ITV Meridian's Charlotte Briere-Edney has been speaking to families struggling with the cost of living
The number of people using food banks has risen dramatically in the last few years, with one woman from Bracknell saying it's the only way she can eat as the cost of living soars.
Hayley would rather be at a supermarket, but some weeks coming to the food bank is the only way she can eat.
She's just one of thousands of households across the south, already being hit by the cost of living crisis.
“I felt ashamed, but I know I needed help", Hayley said.
"It was just really scary, but I'm glad that I made the phone call, I’m glad that I came. I'm glad that I got help and the food that I needed to survive.”
Kerith Community Church in the town runs a food bank three times a week, and has seen the number of people using their service triple since 2020.
Volunteers thought that as the country emerged from the pandemic, the situation would improve, but instead, they're helping more people than ever.
Skyrocketing energy bills, fuel price increases and inflation are likely to push many into poverty.
Residents in some areas are also seeing council tax, phone bills and other costs increasing more than wages or benefits.
Hayley's Universal Credit doesn’t cover the full cost of all her bills. She has no alternative.
“It's just awful, because if I haven't paid a bill, it makes me feel even worse. Then obviously it goes up and up and up.
"I phone up to the water company, for example, and explain to them that 22 pound for water, I can't afford that. And then I have to decide, right, is this going to go on food at this moment or is this going to go on the gas and electric. So it's always a struggle. Always.”
The Trussell Trust, a national food bank charity, says almost 2 million people in the UK are going without food , and one in six on Universal Credit have needed to visit a food bank since December.
The food bank also sees many people who are in work come through their doors.
Sean, a chef, works full time at a high street restaurant, but still occasionally visits the food bank.
“Obviously, the money that I get, it doesn't actually cover the costs of actually living because gas and electric, that's obviously gone up. Phone bill, it's just gone up."
He and his girlfriend both have jobs in hospitality, but with two young children to care for, even their two salaries are not enough.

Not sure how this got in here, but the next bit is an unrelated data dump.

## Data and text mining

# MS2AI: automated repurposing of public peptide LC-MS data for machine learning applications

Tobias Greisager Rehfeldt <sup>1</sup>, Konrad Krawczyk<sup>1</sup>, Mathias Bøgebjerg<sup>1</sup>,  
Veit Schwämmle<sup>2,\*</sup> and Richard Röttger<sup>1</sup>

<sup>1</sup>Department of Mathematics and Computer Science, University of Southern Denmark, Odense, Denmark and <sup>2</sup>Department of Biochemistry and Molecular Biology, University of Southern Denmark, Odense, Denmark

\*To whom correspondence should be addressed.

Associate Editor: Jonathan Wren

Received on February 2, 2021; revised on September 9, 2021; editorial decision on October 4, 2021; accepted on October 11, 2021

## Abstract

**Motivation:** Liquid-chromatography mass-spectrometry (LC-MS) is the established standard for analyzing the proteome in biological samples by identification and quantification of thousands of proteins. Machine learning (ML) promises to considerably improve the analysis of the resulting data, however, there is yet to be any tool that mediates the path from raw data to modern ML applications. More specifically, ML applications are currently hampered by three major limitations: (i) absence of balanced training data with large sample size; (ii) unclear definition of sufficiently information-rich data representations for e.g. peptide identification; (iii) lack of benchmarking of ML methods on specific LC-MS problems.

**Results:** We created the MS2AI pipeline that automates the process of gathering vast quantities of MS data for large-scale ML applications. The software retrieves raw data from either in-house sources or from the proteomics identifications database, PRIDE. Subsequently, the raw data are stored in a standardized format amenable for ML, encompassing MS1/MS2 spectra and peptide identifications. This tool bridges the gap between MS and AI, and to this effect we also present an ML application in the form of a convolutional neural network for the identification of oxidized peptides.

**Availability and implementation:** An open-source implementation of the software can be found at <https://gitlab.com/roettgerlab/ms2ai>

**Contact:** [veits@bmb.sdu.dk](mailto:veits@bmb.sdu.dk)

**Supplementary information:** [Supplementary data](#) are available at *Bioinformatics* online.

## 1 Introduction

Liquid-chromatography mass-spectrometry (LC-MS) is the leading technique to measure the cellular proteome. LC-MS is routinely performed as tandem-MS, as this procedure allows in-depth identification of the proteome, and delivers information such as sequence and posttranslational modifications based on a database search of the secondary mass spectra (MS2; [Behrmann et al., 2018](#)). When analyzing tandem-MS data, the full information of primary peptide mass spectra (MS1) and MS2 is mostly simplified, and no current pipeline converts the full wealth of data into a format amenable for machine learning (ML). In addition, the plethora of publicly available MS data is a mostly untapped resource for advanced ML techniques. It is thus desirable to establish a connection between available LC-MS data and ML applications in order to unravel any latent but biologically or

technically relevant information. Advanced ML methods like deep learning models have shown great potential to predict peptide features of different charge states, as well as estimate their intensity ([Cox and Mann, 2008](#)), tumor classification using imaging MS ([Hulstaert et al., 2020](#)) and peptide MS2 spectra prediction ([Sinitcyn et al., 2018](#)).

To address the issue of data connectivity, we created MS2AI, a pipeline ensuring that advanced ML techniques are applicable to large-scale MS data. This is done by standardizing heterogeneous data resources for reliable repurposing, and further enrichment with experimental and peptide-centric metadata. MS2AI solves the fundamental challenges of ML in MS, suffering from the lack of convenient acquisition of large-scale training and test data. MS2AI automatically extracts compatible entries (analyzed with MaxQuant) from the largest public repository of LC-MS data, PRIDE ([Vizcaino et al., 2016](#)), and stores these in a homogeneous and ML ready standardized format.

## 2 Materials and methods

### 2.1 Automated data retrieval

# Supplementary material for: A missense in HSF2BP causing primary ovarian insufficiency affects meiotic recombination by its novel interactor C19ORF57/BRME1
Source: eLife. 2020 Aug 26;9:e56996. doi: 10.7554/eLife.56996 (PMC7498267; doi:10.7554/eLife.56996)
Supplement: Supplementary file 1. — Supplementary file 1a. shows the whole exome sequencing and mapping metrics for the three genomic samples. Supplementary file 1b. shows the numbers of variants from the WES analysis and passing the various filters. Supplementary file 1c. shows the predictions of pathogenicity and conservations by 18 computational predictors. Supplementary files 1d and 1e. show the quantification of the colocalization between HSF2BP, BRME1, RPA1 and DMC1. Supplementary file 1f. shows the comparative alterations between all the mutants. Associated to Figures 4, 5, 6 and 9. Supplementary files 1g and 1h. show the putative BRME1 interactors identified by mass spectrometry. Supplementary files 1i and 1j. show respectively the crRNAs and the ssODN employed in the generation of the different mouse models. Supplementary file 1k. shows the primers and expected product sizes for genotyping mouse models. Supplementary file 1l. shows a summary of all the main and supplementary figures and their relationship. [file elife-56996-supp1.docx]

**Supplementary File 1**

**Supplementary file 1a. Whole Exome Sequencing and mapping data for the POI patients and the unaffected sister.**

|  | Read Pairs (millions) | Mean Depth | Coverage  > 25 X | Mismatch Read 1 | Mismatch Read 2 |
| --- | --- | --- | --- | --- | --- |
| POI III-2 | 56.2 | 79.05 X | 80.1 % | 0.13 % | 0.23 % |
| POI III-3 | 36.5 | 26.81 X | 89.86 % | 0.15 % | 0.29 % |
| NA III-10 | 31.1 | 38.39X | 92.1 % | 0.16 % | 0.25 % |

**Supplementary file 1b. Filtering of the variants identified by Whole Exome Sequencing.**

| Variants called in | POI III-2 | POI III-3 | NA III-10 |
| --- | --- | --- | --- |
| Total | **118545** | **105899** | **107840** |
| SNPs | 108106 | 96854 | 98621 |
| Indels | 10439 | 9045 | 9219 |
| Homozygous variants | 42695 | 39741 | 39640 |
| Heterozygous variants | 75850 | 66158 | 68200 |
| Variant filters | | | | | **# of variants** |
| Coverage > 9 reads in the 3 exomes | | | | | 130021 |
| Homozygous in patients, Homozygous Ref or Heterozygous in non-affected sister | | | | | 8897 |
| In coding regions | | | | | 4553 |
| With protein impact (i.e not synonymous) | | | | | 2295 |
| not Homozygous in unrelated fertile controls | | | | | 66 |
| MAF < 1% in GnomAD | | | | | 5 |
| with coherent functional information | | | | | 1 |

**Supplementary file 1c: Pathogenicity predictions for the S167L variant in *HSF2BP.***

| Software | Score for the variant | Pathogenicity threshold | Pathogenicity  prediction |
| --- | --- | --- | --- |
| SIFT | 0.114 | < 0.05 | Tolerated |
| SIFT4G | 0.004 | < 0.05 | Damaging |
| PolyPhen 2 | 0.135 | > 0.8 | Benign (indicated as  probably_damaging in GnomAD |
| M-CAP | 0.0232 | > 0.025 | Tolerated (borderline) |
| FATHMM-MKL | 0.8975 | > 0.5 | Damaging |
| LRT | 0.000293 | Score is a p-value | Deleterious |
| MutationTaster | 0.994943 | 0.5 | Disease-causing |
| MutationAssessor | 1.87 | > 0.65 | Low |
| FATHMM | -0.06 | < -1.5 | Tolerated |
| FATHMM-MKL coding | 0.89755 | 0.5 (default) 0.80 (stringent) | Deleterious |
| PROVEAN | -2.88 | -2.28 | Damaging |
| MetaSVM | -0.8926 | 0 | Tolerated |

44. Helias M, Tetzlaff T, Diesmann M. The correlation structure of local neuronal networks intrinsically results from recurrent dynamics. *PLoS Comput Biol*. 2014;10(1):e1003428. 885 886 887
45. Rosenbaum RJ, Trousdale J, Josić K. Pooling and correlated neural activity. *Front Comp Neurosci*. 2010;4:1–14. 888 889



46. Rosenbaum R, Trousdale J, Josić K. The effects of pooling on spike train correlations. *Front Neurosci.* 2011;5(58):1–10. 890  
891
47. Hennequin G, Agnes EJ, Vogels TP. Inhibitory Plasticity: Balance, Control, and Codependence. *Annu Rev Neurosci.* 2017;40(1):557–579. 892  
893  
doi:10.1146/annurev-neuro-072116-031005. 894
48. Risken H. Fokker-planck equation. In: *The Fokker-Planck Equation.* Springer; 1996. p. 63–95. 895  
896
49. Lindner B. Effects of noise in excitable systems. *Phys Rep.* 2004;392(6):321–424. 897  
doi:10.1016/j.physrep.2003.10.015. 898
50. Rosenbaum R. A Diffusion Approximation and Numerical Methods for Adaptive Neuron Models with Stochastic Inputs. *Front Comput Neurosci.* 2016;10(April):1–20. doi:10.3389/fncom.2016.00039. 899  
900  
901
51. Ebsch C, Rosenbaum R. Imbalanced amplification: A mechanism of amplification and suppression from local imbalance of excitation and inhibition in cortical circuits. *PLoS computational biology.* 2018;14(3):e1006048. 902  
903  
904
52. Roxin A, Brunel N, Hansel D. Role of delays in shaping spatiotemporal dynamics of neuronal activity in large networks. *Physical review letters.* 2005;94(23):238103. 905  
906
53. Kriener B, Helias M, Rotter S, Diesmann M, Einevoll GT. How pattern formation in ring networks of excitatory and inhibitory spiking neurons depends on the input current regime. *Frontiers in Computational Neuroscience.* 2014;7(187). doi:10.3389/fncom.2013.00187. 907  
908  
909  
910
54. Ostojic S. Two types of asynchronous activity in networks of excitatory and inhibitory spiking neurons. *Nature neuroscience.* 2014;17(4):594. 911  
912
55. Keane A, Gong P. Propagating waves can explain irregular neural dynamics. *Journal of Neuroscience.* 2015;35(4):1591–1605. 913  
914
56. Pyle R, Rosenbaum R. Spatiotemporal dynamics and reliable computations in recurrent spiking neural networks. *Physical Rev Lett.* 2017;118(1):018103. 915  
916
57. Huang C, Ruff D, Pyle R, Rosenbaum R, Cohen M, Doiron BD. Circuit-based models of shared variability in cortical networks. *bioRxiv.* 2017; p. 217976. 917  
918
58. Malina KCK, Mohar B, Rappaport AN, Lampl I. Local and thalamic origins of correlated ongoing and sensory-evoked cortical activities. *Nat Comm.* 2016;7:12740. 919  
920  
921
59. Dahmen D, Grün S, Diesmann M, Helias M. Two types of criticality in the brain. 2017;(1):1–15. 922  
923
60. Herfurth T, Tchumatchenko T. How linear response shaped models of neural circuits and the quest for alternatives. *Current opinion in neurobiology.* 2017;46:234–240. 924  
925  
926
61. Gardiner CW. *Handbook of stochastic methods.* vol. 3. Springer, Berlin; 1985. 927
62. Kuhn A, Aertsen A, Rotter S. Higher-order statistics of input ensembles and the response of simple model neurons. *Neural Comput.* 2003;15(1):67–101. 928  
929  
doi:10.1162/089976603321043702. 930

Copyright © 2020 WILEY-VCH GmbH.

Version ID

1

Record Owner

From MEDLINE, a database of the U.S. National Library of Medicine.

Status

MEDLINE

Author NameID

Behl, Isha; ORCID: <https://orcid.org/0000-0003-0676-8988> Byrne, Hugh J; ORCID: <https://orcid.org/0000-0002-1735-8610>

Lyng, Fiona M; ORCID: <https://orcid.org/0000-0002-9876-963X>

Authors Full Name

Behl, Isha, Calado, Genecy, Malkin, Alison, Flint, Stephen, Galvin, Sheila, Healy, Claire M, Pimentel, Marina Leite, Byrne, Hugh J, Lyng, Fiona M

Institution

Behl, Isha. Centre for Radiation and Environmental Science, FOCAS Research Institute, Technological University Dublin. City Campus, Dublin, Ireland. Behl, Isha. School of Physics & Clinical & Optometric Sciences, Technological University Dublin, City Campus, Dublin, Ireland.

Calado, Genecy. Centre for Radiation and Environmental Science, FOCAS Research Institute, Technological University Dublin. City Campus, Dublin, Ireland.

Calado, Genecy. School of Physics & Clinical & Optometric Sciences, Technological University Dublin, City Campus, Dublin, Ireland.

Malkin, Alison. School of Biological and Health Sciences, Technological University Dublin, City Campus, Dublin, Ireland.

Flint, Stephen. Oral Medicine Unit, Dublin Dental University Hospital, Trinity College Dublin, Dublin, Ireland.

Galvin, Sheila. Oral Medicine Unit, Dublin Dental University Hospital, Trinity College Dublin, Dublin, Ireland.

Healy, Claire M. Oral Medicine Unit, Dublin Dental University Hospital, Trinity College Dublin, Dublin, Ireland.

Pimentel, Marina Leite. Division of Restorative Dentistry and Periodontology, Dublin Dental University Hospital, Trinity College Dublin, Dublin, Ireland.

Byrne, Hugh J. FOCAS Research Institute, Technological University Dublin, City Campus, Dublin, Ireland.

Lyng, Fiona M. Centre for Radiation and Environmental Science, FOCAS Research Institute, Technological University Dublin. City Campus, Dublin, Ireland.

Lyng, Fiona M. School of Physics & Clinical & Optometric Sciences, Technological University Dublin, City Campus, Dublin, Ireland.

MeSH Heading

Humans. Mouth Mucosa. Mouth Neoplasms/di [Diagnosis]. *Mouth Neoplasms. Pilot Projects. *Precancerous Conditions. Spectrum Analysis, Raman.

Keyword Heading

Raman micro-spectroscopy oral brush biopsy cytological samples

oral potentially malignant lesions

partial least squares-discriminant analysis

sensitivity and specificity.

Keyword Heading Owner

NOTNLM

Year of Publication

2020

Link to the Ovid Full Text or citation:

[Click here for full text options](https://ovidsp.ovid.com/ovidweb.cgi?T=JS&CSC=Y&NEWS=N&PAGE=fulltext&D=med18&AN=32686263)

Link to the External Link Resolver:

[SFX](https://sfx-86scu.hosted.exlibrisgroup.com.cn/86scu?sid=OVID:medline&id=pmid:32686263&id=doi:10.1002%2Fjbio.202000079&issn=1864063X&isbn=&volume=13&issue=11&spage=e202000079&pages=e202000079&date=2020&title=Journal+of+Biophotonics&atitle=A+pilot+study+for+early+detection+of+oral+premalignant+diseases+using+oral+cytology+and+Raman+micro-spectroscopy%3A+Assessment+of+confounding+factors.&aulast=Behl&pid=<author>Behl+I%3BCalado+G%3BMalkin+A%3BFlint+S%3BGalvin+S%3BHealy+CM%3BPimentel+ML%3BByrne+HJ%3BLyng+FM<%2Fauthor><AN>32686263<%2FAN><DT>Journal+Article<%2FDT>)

"Both of the money is still not enough to actually, you know, support all four of us for the month. It's tough, but we have to do what we have to do really to be able to survive.”
Sean says he doesn’t know where he’ll find the money if costs continue to go up.
“I think it’ll just mean more struggle, you know, just going to work, probably have to get another job. So that'll be what, three jobs per one household just to actually try and just live with the basics, really? You know?”
The food bank team say Sean’s case is not unusual.
Chris has been volunteering there for seven years, and has seen firsthand the increasing numbers of people coming through their doors.
"We thought once the lockdown was over the numbers would come down. It hasn't gone down at all. They're still steady," she reveals.
Volunteer, Chris describes what kinds of people come to the food bank
At the age of 90, pensioner Nesta Batten from Winchester has seen rationing and recessions come and go.
She watches her money carefully - and she's now watching prices soar at the supermarket checkout.
"The weekly shop - mine would have been about £25 to £30 - the last time I done it it was £39," she explains
Nesta says she doesn't know how she'd cope if her rent and council tax weren't covered by benefits.
Her biggest worry is struggling to pay for the regular social events she loves attending - she fears older people will be forced into isolation.
"I do think that will happen and especially people living on their own it won't be good at all."
The Lawrence family thought moving to the Oxfordshire countryside would be relaxing. Instead, their oil tank is filling them with dread.
“We used to order it, say, 1000 litres at a particular price, two weeks ahead", explains Rob Lawrence.
"Now they won't even give you a price because they don't know themselves what it's going to be, so you don't know what you're going to be paying.
"It's it's kind of pretty worrying, really."
In the rural village of South Newington, they have no choice but to use oil to heat their home - and they monitor usage carefully. Rob tracks costs on a spreadsheet which lays bare the skyrocketing prices.
“So very roughly, it's gone up from about 900 to about 3000. It's more than three times the price."
"It's a huge difference and it's based on actual usage.”
"It reminded me of being a kid when we had only got a coal fire. And so you had it in one room," says Mrs Lawrence.
"And now I'm sort of going back into that way of thinking of which rooms do we heat and which rooms don't we heat?
"I think that people who don't have pensions don't have a good regular income coming in. How the heck they're going to manage? It's frightening. Where's that money going to come from? What do you do? Do you choose to stay cold?
"It's the old thing about choosing between heating and eating. It's just not fair on people.”
They say the government should be doing much more to help. There is 5% VAT on energy, and many are calling on this tax to be reduced or scrapped.
Rob explains: “If the oil price doubles, the government's take is going to double. And there's an opportunity for the government to at least put some of that back by cutting the rate of VAT. There's no reason why they can't!
"I don't like the word crisis- it’s used all the time, but I think this time there really is a cost of living crisis and a poverty crisis. And I don't use that word lightly.”